The Mercury-bound probe BepiColombo had received its second peek at its target planet today when a super close flyby was planned to slow the spacecraft down and modify its trajectory.
BepiColombo is a collaborative mission from the European Space Agency (ESA) and the Japan Aerospace Exploration Agency (JAXA). The mission, consisting of two orbiters that travel to Mercury piled up on top of each other, was launched into orbit around the sun in 2018. Since then, ground controllers have been modifying the spacecraft’s trajectory through a sequence of nine flyby maneuvers (one of which was at Earth, two at Venus, and six at Mercury ) to deliberately slow the BepiColombo down so that it can enter the orbit around the solar system’s innermost planet in 2025.
The June 23rd flyby was BepiColombo’s second at Mercury, following the probe’s first meeting with the planet in October 2021. The probe approached Mercury’s surface at 5:44 a.m. EDT (0944 GMT), when it passed only 125 miles (200 kilometers) from Mercury’s crater-riddled surface, nearer than the two orbiters will regulate once the mission starts in earnest.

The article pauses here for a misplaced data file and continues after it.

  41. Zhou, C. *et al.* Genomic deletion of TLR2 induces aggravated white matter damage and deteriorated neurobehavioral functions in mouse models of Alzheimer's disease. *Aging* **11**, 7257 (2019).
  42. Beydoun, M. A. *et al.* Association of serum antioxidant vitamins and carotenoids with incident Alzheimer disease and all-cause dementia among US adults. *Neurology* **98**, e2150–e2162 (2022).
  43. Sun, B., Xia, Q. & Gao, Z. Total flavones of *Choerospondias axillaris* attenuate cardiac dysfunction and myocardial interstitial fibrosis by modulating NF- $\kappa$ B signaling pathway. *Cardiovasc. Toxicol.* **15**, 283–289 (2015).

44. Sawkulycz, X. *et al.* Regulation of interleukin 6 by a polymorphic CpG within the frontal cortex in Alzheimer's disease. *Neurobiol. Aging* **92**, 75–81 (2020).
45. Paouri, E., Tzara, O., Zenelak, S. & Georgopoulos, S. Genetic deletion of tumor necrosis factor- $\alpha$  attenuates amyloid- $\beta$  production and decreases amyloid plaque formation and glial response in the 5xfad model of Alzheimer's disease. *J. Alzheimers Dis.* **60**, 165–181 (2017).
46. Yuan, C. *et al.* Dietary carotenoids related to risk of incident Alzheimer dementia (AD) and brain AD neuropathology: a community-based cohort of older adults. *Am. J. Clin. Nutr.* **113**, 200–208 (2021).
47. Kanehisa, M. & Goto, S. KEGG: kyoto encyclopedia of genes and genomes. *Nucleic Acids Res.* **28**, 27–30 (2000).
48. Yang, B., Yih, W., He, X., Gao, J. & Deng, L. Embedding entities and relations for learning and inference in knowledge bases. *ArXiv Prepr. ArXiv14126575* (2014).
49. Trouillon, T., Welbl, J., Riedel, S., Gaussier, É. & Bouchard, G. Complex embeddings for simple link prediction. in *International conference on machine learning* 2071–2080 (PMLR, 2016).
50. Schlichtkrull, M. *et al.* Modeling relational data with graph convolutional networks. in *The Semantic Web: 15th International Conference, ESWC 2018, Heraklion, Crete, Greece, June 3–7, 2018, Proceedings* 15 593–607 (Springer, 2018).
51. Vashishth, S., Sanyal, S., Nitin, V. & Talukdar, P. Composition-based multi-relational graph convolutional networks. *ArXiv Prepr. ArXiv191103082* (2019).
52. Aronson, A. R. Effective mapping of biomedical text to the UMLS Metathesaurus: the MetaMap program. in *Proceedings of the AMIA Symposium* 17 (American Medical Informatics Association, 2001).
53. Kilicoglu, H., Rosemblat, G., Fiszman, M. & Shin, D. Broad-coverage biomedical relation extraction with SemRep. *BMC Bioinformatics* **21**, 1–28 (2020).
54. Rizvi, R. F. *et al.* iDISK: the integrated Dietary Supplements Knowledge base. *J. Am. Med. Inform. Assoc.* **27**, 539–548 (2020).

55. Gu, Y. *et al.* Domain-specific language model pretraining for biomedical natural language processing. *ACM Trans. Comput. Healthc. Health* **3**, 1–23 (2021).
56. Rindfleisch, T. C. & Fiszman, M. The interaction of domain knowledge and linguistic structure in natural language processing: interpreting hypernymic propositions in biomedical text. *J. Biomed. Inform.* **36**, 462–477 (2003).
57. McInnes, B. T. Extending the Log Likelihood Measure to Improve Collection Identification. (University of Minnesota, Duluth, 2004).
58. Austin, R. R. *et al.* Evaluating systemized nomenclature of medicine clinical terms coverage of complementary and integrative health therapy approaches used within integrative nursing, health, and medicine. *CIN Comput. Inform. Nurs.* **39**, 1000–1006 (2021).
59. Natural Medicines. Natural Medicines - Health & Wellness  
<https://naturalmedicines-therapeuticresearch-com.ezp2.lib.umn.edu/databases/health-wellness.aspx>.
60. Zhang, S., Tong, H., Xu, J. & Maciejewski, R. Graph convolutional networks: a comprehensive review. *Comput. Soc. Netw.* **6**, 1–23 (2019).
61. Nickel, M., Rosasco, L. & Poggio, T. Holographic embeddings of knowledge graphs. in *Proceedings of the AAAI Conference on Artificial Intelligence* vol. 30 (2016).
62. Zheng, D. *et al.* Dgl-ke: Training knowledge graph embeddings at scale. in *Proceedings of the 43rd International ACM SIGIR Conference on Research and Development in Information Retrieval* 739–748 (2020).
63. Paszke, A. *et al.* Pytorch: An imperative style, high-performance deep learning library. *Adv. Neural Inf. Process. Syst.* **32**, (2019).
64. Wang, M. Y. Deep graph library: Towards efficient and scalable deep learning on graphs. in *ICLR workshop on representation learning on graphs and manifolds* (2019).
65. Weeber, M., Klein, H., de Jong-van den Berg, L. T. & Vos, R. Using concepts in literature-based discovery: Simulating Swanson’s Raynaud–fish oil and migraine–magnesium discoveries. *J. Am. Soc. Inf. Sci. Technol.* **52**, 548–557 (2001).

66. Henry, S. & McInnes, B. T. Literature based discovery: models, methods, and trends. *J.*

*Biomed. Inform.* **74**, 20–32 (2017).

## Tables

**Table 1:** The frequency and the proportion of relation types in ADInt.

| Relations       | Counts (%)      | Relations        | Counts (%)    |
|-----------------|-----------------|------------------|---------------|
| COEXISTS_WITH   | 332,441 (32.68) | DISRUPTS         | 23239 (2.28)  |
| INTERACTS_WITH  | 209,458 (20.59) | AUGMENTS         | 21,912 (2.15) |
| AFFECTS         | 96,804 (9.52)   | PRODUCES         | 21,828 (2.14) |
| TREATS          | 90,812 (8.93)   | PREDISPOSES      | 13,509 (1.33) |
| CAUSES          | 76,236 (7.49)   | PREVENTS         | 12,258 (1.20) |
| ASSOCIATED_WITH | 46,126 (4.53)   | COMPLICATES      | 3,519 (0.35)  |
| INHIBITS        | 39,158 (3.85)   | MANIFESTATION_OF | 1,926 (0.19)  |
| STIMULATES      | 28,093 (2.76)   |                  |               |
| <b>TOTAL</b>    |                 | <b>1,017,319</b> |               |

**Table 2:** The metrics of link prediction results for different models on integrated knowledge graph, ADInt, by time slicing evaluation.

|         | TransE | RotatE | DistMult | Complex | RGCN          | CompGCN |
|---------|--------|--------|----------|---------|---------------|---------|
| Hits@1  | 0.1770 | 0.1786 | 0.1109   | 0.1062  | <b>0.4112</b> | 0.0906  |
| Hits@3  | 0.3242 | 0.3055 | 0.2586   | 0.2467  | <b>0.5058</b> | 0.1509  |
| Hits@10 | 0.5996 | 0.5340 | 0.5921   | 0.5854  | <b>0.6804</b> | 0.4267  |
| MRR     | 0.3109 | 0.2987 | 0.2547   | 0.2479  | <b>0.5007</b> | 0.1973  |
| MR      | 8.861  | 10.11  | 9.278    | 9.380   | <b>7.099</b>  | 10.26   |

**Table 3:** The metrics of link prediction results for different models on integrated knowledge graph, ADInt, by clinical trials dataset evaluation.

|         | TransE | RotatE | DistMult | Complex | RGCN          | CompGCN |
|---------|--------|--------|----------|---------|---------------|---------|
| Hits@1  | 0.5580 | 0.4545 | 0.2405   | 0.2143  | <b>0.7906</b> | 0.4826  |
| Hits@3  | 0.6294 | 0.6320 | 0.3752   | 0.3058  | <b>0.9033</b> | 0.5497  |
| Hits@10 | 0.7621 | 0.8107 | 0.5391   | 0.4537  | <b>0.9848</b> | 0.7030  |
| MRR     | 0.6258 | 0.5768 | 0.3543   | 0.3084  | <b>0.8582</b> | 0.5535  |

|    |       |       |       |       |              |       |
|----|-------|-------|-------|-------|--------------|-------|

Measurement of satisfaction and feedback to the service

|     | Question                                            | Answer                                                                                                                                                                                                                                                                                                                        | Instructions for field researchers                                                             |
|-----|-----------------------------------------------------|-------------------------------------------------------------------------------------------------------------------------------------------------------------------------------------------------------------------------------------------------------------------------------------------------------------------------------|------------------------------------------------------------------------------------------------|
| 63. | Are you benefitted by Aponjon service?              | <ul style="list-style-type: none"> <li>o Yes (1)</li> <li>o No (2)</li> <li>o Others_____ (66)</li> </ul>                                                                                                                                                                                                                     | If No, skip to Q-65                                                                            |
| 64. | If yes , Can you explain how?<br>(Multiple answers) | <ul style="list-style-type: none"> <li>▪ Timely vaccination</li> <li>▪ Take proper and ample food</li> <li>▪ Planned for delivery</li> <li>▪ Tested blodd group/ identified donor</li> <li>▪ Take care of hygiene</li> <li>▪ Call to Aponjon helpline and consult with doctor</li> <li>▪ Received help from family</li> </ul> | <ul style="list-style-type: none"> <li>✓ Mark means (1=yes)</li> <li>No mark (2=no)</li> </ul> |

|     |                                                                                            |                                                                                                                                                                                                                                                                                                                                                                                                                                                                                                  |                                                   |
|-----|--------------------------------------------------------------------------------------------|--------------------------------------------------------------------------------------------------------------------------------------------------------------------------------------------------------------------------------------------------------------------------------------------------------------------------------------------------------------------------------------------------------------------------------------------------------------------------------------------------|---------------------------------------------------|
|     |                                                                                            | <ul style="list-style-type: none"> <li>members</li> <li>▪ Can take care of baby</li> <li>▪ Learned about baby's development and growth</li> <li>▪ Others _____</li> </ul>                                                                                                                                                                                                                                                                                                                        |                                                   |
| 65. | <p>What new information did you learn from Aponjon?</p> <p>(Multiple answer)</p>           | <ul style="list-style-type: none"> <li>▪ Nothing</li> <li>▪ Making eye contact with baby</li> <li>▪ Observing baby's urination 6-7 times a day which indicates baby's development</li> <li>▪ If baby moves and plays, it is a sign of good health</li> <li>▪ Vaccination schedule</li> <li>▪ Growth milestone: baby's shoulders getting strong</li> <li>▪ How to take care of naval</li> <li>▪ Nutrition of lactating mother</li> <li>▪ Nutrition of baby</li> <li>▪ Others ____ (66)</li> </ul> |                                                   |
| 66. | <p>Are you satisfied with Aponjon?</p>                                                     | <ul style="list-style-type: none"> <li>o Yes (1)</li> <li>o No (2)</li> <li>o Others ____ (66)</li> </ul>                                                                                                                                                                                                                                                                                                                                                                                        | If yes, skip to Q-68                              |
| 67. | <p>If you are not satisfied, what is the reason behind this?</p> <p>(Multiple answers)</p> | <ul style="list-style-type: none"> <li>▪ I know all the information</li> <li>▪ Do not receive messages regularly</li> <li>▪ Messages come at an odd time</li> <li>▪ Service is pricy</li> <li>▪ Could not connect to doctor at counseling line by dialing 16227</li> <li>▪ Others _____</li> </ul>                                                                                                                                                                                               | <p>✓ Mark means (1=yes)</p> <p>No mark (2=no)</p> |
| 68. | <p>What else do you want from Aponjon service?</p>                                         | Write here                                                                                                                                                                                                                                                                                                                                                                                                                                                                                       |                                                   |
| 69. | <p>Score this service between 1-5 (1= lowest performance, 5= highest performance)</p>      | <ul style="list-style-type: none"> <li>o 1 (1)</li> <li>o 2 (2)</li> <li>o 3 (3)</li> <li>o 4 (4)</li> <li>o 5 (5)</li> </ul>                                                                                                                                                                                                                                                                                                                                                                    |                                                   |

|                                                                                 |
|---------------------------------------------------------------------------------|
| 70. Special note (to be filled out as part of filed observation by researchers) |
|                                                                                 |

BepiColombo is just the second probe assembled to orbit Mercury, after NASA’s Messenger mission, which researched the tiny rocky planet between 2011 and 2015. In the 1970s, NASA’s Mariner 10 had three flybys at Mercury while in orbit surrounding the sun and took the first-ever pictures of the planet.